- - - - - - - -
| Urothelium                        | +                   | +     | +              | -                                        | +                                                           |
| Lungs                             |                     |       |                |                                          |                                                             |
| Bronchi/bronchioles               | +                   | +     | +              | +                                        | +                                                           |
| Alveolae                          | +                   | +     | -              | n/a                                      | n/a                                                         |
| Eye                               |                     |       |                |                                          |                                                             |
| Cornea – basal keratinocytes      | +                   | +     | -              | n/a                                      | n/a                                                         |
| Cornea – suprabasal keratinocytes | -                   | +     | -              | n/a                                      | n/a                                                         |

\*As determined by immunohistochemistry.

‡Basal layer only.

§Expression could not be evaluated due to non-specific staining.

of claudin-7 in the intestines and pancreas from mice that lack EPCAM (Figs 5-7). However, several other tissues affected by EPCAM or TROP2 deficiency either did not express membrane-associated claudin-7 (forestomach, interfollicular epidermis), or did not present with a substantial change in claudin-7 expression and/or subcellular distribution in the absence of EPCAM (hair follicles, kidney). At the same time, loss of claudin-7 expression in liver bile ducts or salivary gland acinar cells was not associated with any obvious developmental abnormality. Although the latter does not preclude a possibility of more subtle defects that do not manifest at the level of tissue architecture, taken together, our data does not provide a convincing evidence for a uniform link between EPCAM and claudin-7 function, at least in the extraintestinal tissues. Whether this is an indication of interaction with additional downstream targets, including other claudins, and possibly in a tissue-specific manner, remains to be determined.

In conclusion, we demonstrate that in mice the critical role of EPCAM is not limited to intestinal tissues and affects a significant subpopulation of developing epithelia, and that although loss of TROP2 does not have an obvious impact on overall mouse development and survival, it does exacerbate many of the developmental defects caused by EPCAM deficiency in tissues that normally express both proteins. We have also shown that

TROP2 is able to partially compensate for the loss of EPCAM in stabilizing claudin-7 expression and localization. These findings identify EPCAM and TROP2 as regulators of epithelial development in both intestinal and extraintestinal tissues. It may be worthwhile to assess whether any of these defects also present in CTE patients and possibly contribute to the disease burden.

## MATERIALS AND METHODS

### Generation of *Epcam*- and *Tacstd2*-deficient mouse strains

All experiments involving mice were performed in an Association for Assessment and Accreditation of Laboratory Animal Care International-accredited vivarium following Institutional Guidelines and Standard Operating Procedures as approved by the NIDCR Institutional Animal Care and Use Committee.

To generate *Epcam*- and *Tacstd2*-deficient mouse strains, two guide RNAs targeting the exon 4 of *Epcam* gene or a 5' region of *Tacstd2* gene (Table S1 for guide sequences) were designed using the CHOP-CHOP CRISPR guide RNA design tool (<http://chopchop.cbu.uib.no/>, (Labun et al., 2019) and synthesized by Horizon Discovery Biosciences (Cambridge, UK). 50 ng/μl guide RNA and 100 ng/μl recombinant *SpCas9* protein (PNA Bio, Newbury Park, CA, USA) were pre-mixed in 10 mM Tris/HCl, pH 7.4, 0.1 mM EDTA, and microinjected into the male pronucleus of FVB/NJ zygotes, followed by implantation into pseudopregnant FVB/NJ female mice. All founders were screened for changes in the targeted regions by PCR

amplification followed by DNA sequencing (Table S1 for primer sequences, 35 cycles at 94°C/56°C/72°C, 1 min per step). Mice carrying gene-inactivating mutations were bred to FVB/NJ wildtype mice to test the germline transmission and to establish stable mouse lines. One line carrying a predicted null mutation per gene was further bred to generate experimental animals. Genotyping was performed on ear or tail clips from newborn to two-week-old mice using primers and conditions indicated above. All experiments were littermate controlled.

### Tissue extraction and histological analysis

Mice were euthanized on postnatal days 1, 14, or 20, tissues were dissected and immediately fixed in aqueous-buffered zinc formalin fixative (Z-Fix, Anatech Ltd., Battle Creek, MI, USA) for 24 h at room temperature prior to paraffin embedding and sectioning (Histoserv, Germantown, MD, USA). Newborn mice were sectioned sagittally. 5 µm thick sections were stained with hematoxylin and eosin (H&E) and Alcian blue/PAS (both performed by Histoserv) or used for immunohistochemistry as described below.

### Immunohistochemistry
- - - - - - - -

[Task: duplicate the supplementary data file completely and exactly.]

| Urothelium                        | +                   | +     | +              | -                                        | +                                                           |
| Lungs                             |                     |       |                |                                          |                                                             |
| Bronchi/bronchioles               | +                   | +     | +              | +                                        | +                                                           |
| Alveolae                          | +                   | +     | -              | n/a                                      | n/a                                                         |
| Eye                               |                     |       |                |                                          |                                                             |
| Cornea – basal keratinocytes      | +                   | +     | -              | n/a                                      | n/a                                                         |
| Cornea – suprabasal keratinocytes | -                   | +     | -              | n/a                                      | n/a                                                         |

\*As determined by immunohistochemistry.

‡Basal layer only.

§Expression could not be evaluated due to non-specific staining.

of claudin-7 in the intestines and pancreas from mice that lack EPCAM (Figs 5-7). However, several other tissues affected by EPCAM or TROP2 deficiency either did not express membrane-associated claudin-7 (forestomach, interfollicular epidermis), or did not present with a substantial change in claudin-7 expression and/or subcellular distribution in the absence of EPCAM (hair follicles, kidney). At the same time, loss of claudin-7 expression in liver bile ducts or salivary gland acinar cells was not associated with any obvious developmental abnormality. Although the latter does not preclude a possibility of more subtle defects that do not manifest at the level of tissue architecture, taken together, our data does not provide a convincing evidence for a uniform link between EPCAM and claudin-7 function, at least in the extraintestinal tissues. Whether this is an indication of interaction with additional downstream targets, including other claudins, and possibly in a tissue-specific manner, remains to be determined.

In conclusion, we demonstrate that in mice the critical role of EPCAM is not limited to intestinal tissues and affects a significant subpopulation of developing epithelia, and that although loss of TROP2 does not have an obvious impact on overall mouse development and survival, it does exacerbate many of the developmental defects caused by EPCAM deficiency in tissues that normally express both proteins. We have also shown that

TROP2 is able to partially compensate for the loss of EPCAM in stabilizing claudin-7 expression and localization. These findings identify EPCAM and TROP2 as regulators of epithelial development in both intestinal and extraintestinal tissues. It may be worthwhile to assess whether any of these defects also present in CTE patients and possibly contribute to the disease burden.

## MATERIALS AND METHODS

### Generation of *Epcam*- and *Tacstd2*-deficient mouse strains

All experiments involving mice were performed in an Association for Assessment and Accreditation of Laboratory Animal Care International-accredited vivarium following Institutional Guidelines and Standard Operating Procedures as approved by the NIDCR Institutional Animal Care and Use Committee.

To generate *Epcam*- and *Tacstd2*-deficient mouse strains, two guide RNAs targeting the exon 4 of *Epcam* gene or a 5' region of *Tacstd2* gene (Table S1 for guide sequences) were designed using the CHOP-CHOP CRISPR guide RNA design tool (<http://chopchop.cbu.uib.no/>, (Labun et al., 2019) and synthesized by Horizon Discovery Biosciences (Cambridge, UK). 50 ng/μl guide RNA and 100 ng/μl recombinant *SpCas9* protein (PNA Bio, Newbury Park, CA, USA) were pre-mixed in 10 mM Tris/HCl, pH 7.4, 0.1 mM EDTA, and microinjected into the male pronucleus of FVB/NJ zygotes, followed by implantation into pseudopregnant FVB/NJ female mice. All founders were screened for changes in the targeted regions by PCR

amplification followed by DNA sequencing (Table S1 for primer sequences, 35 cycles at 94°C/56°C/72°C, 1 min per step). Mice carrying gene-inactivating mutations were bred to FVB/NJ wildtype mice to test the germline transmission and to establish stable mouse lines. One line carrying a predicted null mutation per gene was further bred to generate experimental animals. Genotyping was performed on ear or tail clips from newborn to two-week-old mice using primers and conditions indicated above. All experiments were littermate controlled.

### Tissue extraction and histological analysis

Mice were euthanized on postnatal days 1, 14, or 20, tissues were dissected and immediately fixed in aqueous-buffered zinc formalin fixative (Z-Fix, Anatech Ltd., Battle Creek, MI, USA) for 24 h at room temperature prior to paraffin embedding and sectioning (Histoserv, Germantown, MD, USA). Newborn mice were sectioned sagittally. 5 µm thick sections were stained with hematoxylin and eosin (H&E) and Alcian blue/PAS (both performed by Histoserv) or used for immunohistochemistry as described below.

### Immunohistochemistry